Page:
Using benchmarks for comparative analysis is essential (e.g., weighing the risk of a new reimbursement structure, determining performance targets, or measuring outcomes). In fact, when creating performance-based benchmarks for a population, one must consider how to account for the disease burden. The question becomes, how does one adjust for circumstances outside of the control of a health care system (e.g., genetics and environment) or where the health system has limited influence (e.g., life style choices)? The objective is to try and remove all uncontrollable factors, thereby identifying any variance from the benchmark as an opportunity that could be addressed by either medical management or contractual change. Variance from the benchmark would then illuminate potential calls to action.
In order to create this ideal condition benchmark adjustment, we have found the following characteristics to be essential in the adjustment factor development process:
- Broad vs. Narrow Disease Categories:
- Cohorts should present in credible amounts for a condition in order to reflect the overall disease prevalence.
- A broad definition captures all stages of a disease’s progression.
- Broad condition adjustments can be used for population predictive modeling.
- Condition definitions should not be weighted too strongly by bursts of health care due to short-term events.
- The methodology assumptions should not restrict the data sets used in benchmark construction. Traditional large medical and Rx claim data sets can be used, yet we can also leverage credible EMR or billing/charge master data sets as well if these are available
In MedInsight, we have created several condition-based benchmark adjustment factors, each targeted at providing a solution for a specific, often narrow, need, yet we feel the best overall method for condition adjustment (adj) is our Chronic Condition Hierarchical Groups (CCHG) product. The CCHGs assign all individuals to a single category (both the sick and the healthy; 100% of the population), the cohorts are clinically similar, the number of cohorts are small/manageable, and, most importantly, the hierarchy algorithm stems from the clinical point of view; physician decision making is at the heart of the system.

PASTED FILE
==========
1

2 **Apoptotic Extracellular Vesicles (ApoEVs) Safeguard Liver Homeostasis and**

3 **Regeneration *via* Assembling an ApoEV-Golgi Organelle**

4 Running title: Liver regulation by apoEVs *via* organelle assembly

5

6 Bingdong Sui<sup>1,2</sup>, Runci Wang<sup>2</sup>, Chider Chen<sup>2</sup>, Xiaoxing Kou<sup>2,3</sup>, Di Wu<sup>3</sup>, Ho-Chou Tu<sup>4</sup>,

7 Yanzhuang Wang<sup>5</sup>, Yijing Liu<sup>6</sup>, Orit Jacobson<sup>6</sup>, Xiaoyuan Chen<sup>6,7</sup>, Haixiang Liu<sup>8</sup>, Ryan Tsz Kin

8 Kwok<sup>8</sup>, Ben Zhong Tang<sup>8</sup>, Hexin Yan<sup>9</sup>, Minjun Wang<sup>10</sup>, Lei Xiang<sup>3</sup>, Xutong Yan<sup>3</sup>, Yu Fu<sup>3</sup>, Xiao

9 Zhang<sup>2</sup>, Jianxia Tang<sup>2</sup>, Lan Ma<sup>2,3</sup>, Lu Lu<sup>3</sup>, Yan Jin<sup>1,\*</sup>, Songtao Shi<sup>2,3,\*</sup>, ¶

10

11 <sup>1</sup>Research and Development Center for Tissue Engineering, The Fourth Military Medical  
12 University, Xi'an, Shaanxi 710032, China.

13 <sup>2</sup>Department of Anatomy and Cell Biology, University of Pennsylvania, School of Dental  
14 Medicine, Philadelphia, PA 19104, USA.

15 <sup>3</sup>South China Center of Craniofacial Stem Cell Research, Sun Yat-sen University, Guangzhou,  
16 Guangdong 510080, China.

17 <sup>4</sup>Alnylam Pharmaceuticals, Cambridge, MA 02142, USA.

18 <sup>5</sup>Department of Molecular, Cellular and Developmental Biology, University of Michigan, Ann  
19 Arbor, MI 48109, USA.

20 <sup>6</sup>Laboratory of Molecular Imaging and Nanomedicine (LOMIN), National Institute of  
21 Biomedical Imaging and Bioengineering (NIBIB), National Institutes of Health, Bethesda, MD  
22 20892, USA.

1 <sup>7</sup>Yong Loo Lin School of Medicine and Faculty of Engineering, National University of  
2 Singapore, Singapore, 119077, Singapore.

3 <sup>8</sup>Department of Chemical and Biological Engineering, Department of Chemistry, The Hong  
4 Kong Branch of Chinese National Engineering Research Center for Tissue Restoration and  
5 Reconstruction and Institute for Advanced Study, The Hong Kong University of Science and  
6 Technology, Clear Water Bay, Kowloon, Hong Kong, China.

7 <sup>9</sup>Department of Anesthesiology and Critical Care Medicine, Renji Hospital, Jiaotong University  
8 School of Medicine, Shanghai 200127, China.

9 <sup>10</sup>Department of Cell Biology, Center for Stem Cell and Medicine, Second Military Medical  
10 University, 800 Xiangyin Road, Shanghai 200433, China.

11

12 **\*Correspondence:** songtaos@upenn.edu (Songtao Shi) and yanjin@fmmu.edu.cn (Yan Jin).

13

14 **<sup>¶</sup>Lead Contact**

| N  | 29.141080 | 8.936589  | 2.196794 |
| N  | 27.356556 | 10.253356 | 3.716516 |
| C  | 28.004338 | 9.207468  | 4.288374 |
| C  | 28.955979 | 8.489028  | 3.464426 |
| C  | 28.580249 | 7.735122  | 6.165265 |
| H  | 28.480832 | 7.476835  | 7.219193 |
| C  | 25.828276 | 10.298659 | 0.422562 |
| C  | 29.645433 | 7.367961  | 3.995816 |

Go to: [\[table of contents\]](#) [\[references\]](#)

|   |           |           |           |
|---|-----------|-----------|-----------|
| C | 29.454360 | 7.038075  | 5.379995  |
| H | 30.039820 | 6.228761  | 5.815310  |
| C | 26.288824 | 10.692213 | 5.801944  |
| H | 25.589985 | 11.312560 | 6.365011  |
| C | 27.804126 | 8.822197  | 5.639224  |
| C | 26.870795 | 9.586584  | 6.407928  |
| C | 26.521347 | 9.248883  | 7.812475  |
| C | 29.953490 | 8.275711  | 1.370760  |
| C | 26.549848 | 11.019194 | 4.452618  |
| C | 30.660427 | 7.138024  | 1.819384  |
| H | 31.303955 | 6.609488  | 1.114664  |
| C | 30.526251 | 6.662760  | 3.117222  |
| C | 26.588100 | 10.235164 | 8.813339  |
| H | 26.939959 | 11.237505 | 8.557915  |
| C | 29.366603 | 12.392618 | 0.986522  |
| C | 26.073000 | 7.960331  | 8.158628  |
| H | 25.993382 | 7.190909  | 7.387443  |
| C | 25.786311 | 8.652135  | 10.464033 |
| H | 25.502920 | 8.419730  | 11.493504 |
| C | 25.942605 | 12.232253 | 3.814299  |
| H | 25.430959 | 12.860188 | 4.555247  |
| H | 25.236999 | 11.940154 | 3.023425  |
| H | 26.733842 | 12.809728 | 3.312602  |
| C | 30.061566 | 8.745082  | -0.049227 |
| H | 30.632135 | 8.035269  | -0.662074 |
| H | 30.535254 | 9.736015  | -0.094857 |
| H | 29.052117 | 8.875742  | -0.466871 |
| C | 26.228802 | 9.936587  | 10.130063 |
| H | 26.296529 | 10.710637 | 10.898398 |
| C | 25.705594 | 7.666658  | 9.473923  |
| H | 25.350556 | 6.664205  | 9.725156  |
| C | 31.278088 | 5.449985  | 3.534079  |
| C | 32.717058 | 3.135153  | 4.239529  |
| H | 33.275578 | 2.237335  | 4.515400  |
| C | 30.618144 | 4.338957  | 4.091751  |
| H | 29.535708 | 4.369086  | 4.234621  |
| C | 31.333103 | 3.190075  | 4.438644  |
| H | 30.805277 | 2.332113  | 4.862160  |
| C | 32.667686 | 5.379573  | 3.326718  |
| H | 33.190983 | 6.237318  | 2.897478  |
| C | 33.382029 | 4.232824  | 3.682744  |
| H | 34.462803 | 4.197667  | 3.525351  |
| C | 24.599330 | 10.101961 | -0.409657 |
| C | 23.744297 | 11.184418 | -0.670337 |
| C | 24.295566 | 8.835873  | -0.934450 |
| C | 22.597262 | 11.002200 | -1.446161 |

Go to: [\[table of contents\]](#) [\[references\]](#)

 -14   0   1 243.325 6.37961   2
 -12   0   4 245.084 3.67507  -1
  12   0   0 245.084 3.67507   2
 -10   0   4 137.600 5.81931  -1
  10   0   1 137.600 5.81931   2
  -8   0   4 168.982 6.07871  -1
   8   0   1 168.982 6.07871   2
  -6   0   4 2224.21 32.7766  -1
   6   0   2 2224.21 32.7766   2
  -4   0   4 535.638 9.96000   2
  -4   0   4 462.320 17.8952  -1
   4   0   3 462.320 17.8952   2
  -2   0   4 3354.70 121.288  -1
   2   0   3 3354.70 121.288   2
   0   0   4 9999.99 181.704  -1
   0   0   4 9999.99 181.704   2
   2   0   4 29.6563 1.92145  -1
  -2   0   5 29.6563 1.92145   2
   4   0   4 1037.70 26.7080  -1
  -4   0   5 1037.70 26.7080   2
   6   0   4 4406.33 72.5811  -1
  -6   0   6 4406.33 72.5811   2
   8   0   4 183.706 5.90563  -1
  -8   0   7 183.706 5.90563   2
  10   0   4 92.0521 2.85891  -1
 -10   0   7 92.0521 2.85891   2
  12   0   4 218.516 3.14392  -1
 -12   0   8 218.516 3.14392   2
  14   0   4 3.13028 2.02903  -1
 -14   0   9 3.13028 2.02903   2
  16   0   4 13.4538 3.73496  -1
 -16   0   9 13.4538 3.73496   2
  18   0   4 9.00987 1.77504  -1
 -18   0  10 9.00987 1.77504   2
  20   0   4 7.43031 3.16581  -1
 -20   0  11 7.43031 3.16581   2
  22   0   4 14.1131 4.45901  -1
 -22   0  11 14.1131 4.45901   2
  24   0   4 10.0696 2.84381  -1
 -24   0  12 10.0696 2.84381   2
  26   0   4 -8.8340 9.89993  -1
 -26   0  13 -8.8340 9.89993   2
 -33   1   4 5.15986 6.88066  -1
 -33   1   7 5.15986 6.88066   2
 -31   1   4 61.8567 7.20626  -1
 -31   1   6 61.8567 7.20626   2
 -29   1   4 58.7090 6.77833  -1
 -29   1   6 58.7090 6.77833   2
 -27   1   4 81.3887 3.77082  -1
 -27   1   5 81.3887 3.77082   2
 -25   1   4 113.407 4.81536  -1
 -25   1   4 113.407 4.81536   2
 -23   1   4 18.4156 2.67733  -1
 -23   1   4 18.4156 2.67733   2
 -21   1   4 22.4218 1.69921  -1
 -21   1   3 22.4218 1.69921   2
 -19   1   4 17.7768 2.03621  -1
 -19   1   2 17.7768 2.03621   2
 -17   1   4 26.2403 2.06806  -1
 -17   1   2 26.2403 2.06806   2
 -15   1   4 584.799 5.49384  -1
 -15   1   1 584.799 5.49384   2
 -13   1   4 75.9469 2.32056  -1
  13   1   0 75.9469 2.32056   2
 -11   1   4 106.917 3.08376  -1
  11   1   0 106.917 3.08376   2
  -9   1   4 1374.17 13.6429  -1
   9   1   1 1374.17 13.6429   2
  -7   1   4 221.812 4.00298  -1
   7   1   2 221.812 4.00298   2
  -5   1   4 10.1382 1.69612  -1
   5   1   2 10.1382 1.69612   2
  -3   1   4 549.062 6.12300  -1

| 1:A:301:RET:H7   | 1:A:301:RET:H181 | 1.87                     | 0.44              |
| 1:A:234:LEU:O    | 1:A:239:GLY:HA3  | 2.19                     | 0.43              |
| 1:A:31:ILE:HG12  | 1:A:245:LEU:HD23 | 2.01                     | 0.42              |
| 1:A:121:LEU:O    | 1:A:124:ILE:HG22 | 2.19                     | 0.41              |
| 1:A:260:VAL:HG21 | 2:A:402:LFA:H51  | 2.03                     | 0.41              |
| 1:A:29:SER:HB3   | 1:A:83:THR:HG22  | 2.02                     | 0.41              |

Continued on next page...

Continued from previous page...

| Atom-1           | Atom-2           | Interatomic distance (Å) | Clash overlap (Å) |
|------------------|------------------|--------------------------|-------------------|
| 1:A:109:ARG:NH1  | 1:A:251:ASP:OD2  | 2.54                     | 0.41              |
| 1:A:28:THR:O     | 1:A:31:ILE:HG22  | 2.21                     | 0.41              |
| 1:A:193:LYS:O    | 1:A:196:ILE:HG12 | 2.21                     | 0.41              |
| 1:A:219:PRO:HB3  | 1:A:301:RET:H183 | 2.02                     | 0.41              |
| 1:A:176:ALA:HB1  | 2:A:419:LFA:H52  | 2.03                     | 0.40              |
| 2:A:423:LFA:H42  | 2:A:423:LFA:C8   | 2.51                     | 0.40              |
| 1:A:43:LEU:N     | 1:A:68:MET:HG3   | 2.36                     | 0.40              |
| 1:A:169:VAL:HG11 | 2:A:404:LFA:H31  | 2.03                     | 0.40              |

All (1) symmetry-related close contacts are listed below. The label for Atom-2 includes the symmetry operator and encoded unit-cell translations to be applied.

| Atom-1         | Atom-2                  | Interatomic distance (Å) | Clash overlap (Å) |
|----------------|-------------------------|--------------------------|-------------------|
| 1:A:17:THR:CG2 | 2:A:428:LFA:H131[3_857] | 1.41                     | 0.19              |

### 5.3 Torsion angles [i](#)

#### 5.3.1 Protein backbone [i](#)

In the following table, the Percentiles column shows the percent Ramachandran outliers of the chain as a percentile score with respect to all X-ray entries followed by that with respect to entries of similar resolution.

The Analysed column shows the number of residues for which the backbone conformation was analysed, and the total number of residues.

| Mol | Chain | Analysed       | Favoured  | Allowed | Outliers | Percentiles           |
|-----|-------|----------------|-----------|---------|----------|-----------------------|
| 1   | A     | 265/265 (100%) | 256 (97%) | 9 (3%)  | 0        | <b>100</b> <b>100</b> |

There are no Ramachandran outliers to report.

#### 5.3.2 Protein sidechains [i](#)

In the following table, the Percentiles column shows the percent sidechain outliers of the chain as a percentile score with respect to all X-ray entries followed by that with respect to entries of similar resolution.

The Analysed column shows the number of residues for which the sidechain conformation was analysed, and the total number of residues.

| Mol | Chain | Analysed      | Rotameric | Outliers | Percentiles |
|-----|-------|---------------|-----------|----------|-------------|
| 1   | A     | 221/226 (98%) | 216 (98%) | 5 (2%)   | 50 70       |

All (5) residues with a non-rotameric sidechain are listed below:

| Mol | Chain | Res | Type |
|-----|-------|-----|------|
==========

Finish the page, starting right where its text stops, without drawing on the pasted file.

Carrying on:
Traditionally, we combine the CCHG condition factor with our Milliman Health Cost Guidelines (HCGs) benchmarks as a means to improve our Trend Management benchmarks. As seen below, we have a traditional factor table for some of our Inpatient HCG level adjustments:
In the HCG benchmarks above, the CCHG condition factors are meant to resolve or tie out to the HCG benchmarks to adjust for uncontrollable disease-related factors. Later in 2012, we hope to apply the CCHG methodology as an optional benchmark factor unto itself and not a part of the HCG benchmark. We believe this will improve our risk adjustment process and better explain results in both clinical performance projects and Health Plan Marketing activities. Using the CCHG-based condition adjustment factors will allow Plans to better quantify their value proposition while identifying new ways to improve their overall efficiencies.